Should a WFH SOC Be a New Reality?

In my last article, I laid out a path for how organizations could quickly get up to speed in deploying a work-from-home (WFH) security operations center (SOC) amidst the current pandemic. Since then, there has been a lot of discussion as to whether most organizations may operate remotely long-term. Here are some of the challenges to doing that—and why a WFH SOC should only be used during an emergency.

WFH SOC Challenges

Team Well-Being and Productivity

For the average team member, the shift from being in the office to work from home can be a difficult transition. Research shows that productivity usually drops by about 15% at first. Employees suddenly feel isolated, disconnected and possibly stressed. This can lead to distraction and lower productivity. Studies have also shown that when a group of employees is given the choice to work either from home or the office after an initial work-from-home transition, more than half choose to come back to the office.

Why is that? WFH doesn’t “work” for everyone. Some people do not like it, mostly due to isolation, but it also lacks the structure that a 9-to-5 office day provides. People have trouble focusing at home, separating work from home life. When they go to work, they can mentally put themselves in work mode.

IT Support for the Home Worker

For an IT organization that suddenly needs to support employees working from home, it can be a challenge.

  • Equipment: Obtaining and setting up equipment, including laptops and cellphones, can be challenging to do at scale. Many distributors are having a hard time keeping laptops in inventory during this crisis.
  • Network Bandwidth: While most employees have cellular and internet, sometimes the available bandwidth may not be enough for an endless stream of teleconferences and network-intensive applications.
  • Secure Connectivity: IT organizations will need to ramp up VPN access from home to ensure secure connection from home to corporate resources—and do it at scale. And, is there room in the budget?
  • Collaboration Tools: Employers may need to buy and implement employee collaboration tools, such as video conferencing, messaging tools and virtual whiteboards. Again, is there enough IT bandwidth and incremental budget to support this?

New Analyst Training and Management

New analysts will have trouble working home alone. They learn and grow typically by working with more senior analysts, in the SOC, side by side. This ongoing collaboration, mentoring and tutoring is almost impossible to achieve remotely. Web conferencing tools (if left on full-time) can help here. The more junior or new your analysts are, the more they (and, therefore, you) will struggle to remain productive.

Access to SOC Tools

Access to security tools through a remote connection is imperative. Can the SOC console where alerts are processed and viewed be accessed by remote employees? How about incident response ticketing systems, shift turnover logs, investigation notes and more? These tools and associated reporting need to be shared across analysts and with other teams, including other SOC analysts, incident responders, CISO, HR, Legal, PR, business owners, the CEO and so on.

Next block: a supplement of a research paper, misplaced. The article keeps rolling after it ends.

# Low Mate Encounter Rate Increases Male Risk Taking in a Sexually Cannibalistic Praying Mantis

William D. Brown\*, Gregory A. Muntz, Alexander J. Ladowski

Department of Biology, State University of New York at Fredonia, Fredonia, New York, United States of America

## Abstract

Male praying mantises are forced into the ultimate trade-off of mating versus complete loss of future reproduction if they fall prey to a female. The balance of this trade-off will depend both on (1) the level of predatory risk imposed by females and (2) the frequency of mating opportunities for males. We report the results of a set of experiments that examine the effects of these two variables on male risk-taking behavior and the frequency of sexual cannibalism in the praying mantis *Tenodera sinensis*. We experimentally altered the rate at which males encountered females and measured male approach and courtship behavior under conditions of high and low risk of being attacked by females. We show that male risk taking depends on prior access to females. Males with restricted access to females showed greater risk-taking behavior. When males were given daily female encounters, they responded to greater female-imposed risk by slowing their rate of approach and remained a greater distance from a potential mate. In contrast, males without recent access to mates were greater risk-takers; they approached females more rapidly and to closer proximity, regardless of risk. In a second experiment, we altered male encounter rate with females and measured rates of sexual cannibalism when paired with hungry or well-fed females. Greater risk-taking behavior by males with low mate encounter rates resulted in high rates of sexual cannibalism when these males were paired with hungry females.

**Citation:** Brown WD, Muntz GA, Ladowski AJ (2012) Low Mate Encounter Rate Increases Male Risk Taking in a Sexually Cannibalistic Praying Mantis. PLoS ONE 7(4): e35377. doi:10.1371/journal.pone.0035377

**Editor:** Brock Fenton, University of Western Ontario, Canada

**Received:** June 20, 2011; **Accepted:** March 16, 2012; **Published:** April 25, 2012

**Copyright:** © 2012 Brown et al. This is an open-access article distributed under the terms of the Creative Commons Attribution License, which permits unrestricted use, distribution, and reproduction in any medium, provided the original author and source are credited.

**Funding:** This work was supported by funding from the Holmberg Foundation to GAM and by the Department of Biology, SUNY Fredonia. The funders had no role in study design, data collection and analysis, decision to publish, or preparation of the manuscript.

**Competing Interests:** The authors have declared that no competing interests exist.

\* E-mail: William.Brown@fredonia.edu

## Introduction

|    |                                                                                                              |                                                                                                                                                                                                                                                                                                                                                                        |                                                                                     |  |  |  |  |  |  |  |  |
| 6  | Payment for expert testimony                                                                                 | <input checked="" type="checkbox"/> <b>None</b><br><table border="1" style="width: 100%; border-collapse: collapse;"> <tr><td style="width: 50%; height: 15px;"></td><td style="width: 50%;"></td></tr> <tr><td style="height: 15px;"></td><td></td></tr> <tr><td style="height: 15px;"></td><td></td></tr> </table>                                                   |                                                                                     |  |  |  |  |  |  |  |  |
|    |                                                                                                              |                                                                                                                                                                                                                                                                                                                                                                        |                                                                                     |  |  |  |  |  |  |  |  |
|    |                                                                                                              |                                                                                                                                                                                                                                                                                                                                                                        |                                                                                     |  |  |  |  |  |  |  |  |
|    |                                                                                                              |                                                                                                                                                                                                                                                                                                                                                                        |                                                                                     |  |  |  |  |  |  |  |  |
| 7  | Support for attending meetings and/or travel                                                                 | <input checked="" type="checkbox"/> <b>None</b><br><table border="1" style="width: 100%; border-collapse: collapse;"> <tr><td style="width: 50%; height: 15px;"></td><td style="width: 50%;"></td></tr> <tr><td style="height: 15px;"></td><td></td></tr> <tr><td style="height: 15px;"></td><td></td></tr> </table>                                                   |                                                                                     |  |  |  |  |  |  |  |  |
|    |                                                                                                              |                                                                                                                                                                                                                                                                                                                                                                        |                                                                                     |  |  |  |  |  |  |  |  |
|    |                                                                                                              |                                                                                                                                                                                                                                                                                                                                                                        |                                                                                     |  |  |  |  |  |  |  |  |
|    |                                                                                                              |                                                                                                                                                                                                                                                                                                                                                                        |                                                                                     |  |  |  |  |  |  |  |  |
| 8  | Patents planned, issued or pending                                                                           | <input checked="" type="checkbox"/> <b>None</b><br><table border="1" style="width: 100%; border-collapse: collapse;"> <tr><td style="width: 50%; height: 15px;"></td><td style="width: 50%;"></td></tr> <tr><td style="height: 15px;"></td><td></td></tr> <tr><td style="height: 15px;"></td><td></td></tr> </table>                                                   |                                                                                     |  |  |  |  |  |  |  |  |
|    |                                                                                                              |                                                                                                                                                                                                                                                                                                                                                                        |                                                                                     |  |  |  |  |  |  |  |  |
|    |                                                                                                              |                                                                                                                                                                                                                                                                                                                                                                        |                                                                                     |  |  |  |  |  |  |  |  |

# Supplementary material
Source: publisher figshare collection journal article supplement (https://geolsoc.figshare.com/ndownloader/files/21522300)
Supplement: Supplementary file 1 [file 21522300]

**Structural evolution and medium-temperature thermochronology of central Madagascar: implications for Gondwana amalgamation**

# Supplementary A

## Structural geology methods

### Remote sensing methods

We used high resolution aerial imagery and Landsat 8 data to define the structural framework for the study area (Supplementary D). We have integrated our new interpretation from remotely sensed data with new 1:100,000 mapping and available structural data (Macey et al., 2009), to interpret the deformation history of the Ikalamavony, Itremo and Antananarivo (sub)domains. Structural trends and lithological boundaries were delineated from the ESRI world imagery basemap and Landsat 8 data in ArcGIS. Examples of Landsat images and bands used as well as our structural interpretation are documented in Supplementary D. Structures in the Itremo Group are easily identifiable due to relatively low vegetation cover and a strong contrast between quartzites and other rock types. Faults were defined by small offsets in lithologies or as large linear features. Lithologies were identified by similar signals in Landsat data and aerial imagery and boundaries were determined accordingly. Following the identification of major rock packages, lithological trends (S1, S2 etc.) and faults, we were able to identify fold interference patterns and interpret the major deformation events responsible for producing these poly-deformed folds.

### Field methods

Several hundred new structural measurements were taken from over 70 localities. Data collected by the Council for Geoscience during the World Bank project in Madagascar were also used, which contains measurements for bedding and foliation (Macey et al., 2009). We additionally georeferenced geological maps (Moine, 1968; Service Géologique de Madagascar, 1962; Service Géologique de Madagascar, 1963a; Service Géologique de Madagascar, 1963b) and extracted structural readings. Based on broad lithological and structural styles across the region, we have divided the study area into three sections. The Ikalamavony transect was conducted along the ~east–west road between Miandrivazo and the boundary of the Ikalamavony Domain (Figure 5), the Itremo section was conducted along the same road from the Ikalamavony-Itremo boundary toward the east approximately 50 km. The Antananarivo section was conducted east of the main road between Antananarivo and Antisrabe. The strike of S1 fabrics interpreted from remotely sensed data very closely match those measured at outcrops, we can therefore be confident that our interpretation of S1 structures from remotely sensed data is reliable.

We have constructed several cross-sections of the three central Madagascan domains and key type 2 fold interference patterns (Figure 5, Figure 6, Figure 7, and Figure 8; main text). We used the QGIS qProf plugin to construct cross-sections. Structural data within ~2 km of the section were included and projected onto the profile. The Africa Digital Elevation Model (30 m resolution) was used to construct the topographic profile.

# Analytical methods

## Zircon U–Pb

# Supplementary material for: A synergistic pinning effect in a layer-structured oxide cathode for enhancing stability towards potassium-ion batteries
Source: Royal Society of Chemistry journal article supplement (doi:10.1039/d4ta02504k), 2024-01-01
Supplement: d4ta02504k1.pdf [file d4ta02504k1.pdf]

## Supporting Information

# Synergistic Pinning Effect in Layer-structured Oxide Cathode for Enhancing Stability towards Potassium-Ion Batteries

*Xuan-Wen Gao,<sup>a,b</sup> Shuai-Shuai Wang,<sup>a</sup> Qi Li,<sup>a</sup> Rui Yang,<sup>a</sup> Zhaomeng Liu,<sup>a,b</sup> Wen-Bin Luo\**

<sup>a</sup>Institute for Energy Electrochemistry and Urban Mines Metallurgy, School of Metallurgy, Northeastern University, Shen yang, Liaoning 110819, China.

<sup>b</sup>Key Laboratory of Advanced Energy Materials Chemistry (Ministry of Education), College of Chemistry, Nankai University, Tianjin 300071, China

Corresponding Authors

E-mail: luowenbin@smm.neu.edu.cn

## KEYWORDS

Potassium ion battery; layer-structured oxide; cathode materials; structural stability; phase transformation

Analysis and Investigation Collaboration

Troubleshooting is more difficult when remote. It’s a lot easier when the person you need to help make a change is in the building. I remember trying to deploy security software for a customer a few years back. It was a midsized bank in Los Angeles. We hit a snag in our deployment and the security guy literally called over the cube-wall to the IT guy: “Hey, I can’t connect to XYZ. Can you check?” The IT guy responded, “Ah, the firewall is blocking you, let me update the firewall. … Try now. Good?” “Yep!”

I’ve never seen anything like that. Normally, it takes hours or days to complete that kind of change, i.e., open a ticket, get it in the queue, answer a call from IT for clarification of what was really needed, get approval and so on.

Sometimes two heads (or more) are better than one. Analyzing complex security incidents often requires insights from multiple people. SOC teams work best when they can collaborate when analyzing new and interesting attacks. Sometimes, it takes a village. It’s about reasoning through the problem; you draw on the collective experience of the team. You whiteboard, in real-time. It’s hard to do from home, and at best, it’s going to take you a lot longer. And in security operations, time is not on your side. You need to respond quickly when you have a critical incident.

Bottom Line

Moving to a remote WFH SOC is necessary for your business continuity planning and under these current conditions. However, for a normal, healthy security operations practice, I’d recommend using it only in case of an emergency. Hopefully, we’ll all be bugging each other in the office sooner rather than later.

Chris Triolo

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Chris Triolo

Chris Triolo is the vice president of customer success at Respond Software. His security expertise includes building world-class professional services organizations as vice president of professional services at ForeScout and global vice president of professional services and support for HP Software Enterprise Security Products (ESP). Chris’ depth in security operations and leadership includes a long tenure at Northrop Grumman TASC supporting various Department of Defense and government customers including Air Force Space Command (AFS PC) Space Warfare Center, United States Space Command (USSPACECOM) Computer Network Attack and Defense, Air Force Information Warfare Center (AFIWC), and others.

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